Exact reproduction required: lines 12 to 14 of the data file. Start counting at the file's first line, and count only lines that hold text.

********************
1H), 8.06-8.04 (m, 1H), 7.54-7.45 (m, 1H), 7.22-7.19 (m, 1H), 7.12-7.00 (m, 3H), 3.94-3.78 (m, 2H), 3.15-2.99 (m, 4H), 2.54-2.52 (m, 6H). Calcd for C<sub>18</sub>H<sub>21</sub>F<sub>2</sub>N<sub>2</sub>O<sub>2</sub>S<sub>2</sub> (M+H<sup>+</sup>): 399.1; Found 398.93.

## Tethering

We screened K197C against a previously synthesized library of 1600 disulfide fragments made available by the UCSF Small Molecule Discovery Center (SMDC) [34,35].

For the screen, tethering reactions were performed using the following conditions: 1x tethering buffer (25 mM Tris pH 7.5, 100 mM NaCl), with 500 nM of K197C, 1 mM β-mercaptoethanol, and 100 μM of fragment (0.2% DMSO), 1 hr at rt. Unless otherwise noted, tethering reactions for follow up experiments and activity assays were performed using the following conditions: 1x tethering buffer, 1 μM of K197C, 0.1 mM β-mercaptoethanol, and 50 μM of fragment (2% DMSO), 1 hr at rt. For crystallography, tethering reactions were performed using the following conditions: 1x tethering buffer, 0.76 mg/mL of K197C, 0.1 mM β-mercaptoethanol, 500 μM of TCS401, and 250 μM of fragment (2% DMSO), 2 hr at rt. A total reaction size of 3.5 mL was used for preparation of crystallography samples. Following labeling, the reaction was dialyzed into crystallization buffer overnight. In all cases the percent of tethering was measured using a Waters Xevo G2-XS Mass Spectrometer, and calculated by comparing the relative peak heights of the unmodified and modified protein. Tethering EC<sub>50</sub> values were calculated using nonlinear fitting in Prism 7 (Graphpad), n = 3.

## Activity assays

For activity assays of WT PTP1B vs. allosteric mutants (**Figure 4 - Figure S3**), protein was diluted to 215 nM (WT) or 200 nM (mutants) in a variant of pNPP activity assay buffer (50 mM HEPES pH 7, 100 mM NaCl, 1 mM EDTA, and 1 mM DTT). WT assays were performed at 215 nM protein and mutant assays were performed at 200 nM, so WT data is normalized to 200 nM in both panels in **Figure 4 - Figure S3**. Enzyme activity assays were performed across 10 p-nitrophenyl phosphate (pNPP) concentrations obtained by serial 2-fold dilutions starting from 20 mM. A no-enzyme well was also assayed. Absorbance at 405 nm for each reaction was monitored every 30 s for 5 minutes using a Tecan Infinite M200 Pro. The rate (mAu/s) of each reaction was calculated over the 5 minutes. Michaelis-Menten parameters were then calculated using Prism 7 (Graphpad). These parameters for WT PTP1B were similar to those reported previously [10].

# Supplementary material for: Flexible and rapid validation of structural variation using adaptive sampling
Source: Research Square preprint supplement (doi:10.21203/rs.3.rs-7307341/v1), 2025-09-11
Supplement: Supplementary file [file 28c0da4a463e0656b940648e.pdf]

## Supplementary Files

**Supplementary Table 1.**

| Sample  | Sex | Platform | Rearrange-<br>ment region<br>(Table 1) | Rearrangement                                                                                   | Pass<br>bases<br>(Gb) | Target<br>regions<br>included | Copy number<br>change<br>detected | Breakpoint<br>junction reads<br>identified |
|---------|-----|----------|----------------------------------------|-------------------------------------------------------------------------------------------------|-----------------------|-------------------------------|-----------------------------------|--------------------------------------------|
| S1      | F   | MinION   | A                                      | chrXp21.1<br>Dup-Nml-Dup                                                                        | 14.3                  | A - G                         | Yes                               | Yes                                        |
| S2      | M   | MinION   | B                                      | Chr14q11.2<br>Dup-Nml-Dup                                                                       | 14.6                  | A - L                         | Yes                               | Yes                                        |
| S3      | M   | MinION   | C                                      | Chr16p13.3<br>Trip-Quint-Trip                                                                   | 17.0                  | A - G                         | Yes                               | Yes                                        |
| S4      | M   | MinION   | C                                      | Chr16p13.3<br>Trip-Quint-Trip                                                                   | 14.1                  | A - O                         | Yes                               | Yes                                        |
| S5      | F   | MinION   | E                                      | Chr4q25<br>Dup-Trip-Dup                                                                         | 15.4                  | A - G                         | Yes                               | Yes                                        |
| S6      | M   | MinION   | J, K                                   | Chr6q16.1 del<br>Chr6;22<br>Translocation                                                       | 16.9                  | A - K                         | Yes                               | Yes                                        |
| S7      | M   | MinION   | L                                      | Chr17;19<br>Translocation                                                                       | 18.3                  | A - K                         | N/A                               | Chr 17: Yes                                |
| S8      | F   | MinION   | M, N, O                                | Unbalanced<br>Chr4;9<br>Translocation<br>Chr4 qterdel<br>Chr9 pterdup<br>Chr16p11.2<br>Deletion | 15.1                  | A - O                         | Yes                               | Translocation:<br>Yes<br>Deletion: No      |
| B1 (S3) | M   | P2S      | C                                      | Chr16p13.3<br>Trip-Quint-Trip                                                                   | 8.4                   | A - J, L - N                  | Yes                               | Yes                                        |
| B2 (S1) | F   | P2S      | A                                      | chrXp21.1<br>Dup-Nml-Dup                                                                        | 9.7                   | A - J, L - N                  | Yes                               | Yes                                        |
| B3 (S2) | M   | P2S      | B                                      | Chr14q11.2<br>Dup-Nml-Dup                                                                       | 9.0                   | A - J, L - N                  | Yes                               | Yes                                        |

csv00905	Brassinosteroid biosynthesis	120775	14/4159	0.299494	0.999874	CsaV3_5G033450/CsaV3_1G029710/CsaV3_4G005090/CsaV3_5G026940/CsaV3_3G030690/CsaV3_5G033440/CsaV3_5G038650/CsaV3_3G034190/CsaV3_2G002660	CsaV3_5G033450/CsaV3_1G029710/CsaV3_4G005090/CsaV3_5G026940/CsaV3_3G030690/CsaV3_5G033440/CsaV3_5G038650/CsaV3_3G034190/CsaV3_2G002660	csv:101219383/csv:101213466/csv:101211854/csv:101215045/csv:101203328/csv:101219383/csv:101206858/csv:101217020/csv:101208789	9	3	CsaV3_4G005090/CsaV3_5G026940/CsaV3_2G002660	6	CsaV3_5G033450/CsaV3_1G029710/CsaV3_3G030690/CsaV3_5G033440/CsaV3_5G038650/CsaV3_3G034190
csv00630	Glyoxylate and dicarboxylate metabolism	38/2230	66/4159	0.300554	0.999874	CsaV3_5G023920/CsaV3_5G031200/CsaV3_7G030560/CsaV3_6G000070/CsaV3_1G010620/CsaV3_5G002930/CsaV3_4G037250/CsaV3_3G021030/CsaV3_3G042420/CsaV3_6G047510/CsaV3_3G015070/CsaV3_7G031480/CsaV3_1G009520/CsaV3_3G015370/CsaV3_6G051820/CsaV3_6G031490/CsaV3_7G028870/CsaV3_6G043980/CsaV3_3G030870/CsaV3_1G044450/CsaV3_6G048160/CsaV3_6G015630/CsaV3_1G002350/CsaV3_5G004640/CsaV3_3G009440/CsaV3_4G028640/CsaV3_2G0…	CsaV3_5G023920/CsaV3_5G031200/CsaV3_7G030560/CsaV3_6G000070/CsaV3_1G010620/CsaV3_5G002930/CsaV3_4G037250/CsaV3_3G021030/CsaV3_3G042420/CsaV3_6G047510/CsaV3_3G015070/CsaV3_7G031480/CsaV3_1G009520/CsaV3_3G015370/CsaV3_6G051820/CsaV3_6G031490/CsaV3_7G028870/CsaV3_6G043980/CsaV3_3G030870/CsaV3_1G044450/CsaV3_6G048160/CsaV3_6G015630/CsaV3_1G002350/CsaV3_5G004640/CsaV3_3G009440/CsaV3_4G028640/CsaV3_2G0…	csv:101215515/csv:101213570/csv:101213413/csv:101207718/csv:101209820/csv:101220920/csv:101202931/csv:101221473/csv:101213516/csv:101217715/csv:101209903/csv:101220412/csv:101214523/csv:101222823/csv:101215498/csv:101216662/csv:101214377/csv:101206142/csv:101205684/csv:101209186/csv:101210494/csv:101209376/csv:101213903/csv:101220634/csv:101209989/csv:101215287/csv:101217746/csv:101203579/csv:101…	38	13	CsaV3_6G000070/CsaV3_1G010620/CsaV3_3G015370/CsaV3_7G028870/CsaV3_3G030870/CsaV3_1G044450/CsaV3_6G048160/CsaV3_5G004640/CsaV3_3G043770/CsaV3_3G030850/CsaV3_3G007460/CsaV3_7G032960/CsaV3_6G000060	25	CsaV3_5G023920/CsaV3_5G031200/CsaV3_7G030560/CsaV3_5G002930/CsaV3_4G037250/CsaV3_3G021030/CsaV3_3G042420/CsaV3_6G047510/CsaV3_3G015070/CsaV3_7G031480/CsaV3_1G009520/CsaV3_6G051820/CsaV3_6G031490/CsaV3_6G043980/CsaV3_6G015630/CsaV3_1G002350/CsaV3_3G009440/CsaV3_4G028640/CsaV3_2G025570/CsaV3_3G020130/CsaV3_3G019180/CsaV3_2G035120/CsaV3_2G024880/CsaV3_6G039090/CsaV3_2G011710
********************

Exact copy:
| Sample  | Sex | Platform | Rearrange-<br>ment region<br>(Table 1) | Rearrangement                                                                                   | Pass<br>bases<br>(Gb) | Target<br>regions<br>included | Copy number<br>change<br>detected | Breakpoint<br>junction reads<br>identified |
|---------|-----|----------|----------------------------------------|-------------------------------------------------------------------------------------------------|-----------------------|-------------------------------|-----------------------------------|--------------------------------------------|
| S1      | F   | MinION   | A                                      | chrXp21.1<br>Dup-Nml-Dup                                                                        | 14.3                  | A - G                         | Yes                               | Yes                                        |